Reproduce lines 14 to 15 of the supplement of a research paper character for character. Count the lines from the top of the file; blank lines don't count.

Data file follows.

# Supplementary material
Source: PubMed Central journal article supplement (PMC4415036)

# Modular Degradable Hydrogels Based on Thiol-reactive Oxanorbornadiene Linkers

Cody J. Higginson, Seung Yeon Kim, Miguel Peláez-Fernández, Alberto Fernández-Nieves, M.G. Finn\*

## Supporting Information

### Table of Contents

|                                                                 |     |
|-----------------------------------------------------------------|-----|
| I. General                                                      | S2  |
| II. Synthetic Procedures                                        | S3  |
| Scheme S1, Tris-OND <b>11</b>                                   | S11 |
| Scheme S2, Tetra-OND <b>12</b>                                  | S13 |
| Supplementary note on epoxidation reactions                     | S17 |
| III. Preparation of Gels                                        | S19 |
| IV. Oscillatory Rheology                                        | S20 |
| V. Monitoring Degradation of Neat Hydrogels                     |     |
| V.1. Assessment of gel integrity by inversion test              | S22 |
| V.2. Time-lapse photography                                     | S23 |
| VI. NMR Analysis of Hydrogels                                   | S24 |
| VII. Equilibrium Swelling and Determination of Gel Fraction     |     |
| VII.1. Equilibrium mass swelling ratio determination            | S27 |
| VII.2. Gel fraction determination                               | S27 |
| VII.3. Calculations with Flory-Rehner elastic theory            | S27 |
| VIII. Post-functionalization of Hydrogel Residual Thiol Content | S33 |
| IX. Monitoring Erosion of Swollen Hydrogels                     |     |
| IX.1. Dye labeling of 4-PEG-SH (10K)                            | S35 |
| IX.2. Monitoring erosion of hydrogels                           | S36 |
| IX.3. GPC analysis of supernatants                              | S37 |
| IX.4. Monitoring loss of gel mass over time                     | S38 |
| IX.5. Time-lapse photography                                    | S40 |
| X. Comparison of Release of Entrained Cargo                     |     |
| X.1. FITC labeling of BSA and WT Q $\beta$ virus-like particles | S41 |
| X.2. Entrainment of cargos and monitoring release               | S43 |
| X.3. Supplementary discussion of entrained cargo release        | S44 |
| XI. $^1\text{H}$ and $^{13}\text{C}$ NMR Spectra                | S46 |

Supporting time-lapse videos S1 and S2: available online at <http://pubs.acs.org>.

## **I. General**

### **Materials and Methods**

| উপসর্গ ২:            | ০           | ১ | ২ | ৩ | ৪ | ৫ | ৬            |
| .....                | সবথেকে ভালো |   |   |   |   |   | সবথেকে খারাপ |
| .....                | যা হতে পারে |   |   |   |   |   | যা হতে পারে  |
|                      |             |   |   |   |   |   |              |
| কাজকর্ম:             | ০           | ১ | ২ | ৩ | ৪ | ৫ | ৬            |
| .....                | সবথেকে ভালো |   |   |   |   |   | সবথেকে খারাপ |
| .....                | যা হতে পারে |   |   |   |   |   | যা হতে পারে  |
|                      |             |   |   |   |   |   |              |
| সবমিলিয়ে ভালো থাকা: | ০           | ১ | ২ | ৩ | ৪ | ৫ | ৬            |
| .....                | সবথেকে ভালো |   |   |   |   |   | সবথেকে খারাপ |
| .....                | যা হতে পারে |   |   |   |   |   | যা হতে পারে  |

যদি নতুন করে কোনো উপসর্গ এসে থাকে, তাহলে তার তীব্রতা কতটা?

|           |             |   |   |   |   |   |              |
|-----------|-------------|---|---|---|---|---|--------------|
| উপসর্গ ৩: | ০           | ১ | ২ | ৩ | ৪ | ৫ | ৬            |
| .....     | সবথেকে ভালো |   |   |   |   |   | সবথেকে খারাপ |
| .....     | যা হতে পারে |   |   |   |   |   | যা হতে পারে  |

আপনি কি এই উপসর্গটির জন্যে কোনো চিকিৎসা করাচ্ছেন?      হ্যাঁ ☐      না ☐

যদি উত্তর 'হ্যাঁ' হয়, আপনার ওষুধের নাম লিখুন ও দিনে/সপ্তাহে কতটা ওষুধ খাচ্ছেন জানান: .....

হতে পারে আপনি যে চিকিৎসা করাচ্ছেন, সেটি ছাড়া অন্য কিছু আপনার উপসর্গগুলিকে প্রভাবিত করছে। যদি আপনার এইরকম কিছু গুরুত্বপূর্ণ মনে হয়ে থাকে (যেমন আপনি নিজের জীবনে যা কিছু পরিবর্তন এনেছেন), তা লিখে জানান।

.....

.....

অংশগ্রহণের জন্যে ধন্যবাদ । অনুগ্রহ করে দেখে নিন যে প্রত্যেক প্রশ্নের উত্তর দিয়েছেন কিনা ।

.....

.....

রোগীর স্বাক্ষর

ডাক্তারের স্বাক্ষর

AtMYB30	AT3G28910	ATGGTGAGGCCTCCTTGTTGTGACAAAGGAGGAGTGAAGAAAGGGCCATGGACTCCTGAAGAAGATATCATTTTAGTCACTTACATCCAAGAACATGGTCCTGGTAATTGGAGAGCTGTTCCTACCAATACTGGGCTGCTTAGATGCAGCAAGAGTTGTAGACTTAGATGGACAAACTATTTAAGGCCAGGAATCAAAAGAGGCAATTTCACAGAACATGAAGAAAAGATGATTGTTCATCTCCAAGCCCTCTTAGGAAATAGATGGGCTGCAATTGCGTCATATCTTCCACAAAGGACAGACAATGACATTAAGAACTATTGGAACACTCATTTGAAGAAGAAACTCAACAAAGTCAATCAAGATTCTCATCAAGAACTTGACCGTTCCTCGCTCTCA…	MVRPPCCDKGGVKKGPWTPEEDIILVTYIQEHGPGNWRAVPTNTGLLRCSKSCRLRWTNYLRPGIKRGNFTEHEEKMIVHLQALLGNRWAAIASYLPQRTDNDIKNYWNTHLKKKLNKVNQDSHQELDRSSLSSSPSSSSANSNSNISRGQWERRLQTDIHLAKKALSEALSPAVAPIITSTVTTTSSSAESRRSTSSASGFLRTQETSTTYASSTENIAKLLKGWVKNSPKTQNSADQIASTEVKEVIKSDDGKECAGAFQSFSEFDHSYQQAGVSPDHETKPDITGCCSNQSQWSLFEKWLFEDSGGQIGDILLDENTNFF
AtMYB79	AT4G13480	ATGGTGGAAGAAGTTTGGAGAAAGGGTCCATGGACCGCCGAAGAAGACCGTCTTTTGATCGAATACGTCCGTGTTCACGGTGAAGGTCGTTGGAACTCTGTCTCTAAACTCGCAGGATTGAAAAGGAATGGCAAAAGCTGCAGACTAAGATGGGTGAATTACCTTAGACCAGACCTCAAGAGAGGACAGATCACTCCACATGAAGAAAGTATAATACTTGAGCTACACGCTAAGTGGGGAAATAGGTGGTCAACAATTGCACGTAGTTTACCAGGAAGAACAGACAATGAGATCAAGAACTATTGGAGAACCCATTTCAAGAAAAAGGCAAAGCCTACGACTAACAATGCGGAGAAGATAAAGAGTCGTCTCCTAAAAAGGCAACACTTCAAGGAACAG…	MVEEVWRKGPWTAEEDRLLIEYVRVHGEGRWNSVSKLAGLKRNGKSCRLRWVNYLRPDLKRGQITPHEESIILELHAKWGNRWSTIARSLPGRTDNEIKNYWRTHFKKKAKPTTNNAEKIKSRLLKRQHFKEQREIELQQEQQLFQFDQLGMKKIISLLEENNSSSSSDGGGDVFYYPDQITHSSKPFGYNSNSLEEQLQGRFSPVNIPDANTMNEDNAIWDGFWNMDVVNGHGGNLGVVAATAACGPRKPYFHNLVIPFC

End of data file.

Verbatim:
| III. Preparation of Gels                                        | S19 |
| IV. Oscillatory Rheology                                        | S20 |